Sensors can also be placed on individual building materials to allow them to be tracked throughout the supply chain. Loss and theft of materials when transported through the supply chain can add significant costs to a construction project. By using RFID, site managers can see where materials are and determine when they will be delivered. This also helps with project management, as managers will be forewarned if a delivery is late.

IOT for machinery use

Similarly, RFID sensors for construction machinery allow a site manager to see exactly where a machine is being used. They also provide a warning to other people on site if they are in danger of straying into the path of moving machinery, for instance. Site managers can see, in near real time, exactly where a piece of machinery is, how it is being used and whether it is a risk to nearby workers.

Knowing exactly when a machine is being used and when it is idle can also allow for better planning and resource allocation. Instead of wasting resources with idle machinery, equipment could be delivered exactly when needed in a project timeline and then sent to another site once its work is done.

Data from IoT sensors can help predict when a machine is likely to require maintenance. Sensors measure how often a machine is used and whether performance has changed over time, enabling managers to analyze data on normal machine performance over time, how often a machine requires upkeep and then schedule service it before it breaks down. Unexpected breakdowns at a crucial point in a building’s construction are costly, both in terms of the labor costs and loss of equipment.

Current challenges faced by the IOT

There are challenges facing the IoT, such as the need for standardization. Currently, many different IoT devices operate on separate systems and therefore cannot “speak” to each other. This means that one device cannot currently control another and that the data from each device cannot be easily combined and analyzed. Furthermore, a standard needs to be developed quickly to stop companies from investing in IoT technology now that may become redundant.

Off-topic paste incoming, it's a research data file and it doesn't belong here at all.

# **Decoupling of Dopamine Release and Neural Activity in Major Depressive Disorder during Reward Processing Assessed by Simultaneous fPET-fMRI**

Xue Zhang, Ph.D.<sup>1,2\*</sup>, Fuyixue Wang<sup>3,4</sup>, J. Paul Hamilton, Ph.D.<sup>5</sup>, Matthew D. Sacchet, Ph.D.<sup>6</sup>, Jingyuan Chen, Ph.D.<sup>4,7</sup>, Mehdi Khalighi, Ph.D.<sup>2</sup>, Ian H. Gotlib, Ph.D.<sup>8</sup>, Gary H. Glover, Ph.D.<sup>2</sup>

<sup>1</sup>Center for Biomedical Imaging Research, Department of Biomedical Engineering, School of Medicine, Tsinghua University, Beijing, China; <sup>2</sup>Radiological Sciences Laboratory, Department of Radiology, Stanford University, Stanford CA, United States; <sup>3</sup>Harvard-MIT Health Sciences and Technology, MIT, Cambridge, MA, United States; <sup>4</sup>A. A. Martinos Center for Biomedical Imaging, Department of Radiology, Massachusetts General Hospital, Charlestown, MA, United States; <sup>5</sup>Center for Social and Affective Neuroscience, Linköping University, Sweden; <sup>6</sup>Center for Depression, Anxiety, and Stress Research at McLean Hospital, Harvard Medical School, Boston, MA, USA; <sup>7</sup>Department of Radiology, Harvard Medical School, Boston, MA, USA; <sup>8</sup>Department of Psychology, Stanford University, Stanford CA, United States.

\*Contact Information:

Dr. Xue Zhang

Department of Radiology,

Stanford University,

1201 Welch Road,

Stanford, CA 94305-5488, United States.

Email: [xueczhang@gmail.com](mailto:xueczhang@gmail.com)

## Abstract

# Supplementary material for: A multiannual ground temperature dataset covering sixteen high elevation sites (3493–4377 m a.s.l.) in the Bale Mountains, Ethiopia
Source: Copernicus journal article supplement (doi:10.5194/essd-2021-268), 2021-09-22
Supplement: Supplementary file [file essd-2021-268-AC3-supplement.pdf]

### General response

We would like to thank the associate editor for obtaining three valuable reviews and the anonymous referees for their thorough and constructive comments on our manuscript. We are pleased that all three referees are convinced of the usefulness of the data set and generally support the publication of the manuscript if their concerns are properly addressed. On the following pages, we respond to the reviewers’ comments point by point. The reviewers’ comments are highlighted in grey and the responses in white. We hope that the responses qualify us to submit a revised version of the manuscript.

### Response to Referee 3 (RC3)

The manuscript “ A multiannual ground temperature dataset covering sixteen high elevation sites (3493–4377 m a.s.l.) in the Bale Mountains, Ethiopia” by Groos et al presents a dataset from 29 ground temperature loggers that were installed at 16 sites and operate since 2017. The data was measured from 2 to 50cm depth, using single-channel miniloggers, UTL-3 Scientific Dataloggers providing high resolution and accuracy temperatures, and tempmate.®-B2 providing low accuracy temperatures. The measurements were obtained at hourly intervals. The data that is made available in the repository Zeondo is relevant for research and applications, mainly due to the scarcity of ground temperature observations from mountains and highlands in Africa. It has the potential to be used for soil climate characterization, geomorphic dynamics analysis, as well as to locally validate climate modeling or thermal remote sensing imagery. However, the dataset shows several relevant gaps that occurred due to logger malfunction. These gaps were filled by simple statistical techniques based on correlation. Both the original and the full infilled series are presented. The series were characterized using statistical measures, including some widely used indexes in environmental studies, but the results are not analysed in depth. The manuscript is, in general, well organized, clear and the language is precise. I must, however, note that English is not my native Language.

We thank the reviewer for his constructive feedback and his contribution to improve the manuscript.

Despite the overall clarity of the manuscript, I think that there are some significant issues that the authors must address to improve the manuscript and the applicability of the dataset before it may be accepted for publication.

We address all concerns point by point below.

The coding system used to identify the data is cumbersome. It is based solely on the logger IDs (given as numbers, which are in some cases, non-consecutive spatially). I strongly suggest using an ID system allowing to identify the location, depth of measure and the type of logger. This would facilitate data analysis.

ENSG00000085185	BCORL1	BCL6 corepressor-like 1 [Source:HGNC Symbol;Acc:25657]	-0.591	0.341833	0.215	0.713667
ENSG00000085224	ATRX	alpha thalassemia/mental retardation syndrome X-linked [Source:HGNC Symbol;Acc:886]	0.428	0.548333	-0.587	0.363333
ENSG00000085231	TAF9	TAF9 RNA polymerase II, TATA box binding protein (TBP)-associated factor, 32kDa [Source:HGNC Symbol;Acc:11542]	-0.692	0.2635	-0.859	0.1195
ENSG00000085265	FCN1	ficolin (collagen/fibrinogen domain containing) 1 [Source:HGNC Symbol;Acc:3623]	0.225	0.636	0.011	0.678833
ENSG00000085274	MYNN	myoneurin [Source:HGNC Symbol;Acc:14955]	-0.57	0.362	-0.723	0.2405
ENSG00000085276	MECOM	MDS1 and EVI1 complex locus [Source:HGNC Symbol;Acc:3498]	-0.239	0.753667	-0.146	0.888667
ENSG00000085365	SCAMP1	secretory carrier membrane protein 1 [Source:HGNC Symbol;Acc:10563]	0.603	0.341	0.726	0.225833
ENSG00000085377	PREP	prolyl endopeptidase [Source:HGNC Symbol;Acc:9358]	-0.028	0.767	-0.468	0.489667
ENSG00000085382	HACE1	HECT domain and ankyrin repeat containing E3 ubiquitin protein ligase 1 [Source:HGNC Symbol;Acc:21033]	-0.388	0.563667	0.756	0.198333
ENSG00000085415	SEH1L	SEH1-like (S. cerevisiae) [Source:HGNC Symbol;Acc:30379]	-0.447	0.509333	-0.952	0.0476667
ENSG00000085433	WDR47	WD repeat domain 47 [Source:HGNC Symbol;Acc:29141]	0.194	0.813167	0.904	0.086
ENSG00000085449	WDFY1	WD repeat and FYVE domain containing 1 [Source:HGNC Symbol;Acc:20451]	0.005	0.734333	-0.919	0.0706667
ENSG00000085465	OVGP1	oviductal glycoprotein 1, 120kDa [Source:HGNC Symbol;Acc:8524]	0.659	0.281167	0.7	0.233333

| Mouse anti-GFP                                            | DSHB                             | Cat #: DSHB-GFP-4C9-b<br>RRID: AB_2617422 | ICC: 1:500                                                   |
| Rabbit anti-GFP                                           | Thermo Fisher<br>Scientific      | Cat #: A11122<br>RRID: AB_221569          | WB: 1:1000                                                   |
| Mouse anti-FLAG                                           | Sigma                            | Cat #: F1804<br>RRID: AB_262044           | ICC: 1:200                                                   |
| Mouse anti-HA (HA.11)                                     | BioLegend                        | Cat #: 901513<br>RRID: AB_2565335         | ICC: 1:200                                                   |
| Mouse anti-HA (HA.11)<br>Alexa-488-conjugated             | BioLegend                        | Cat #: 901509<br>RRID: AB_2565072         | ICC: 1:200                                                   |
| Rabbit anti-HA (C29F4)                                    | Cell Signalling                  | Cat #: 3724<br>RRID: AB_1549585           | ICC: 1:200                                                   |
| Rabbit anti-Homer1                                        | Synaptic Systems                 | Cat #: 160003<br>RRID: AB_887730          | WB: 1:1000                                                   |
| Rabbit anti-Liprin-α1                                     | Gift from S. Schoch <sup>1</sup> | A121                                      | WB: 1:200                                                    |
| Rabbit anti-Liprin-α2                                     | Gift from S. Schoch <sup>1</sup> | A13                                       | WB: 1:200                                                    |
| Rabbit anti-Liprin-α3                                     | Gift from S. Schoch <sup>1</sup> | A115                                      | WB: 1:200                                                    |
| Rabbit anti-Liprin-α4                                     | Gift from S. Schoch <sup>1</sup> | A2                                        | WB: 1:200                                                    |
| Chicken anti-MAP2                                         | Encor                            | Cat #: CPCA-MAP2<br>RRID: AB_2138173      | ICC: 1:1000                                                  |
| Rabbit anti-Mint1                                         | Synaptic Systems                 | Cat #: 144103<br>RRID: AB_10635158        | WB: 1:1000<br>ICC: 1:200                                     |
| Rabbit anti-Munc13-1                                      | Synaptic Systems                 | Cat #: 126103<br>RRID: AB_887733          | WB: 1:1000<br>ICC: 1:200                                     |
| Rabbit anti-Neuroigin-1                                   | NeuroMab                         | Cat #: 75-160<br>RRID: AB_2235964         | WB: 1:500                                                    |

Bringing the IoT onto construction sites will also require a change in skills of site managers and workers. Future decision making will be facilitated by the IoT and the data it produces. Construction workers will need to be data-literate in order to interpret the data that onsite sensors will generate.

There are also concerns about the security of some IoT devices. As the devices have become more widespread, there have been some high profile hacks of baby monitors, webcams and even a Jeep. On a small scale, these hacks might be inconvenient, but if a hacker gains access to an entire electricity grid or the HVAC system of a skyscraper, the consequences could be disastrous.

A who's who of the IOT

Despite some of its drawbacks, several companies have already realized the multi-billion dollar opportunity that the IoT brings to the construction industry. JCB has connected more than 10,000 construction machines to measure performance and aid in resource planning. Meanwhile, Caterpillar has more than 560,000 connected machines that help with predictive maintenance. As the technology is refined further, it’s likely that the industry will see many construction companies follow JCB and Caterpillar’s lead in experimenting with the IoT.

The IoT will give construction professionals the opportunity to stop reacting to things when they go wrong and to proactively prepare for them instead. Through the IoT, future site managers are going to be more informed than ever before. One day, the IoT may be as fundamental to building sites as bricks and cement. However, in order for it to get there, the IoT does have to overcome the challenges of standardization, skillsets and security. The IoT is certainly something that all construction professionals should keep track of. Indeed, it won’t be something that can be ignored.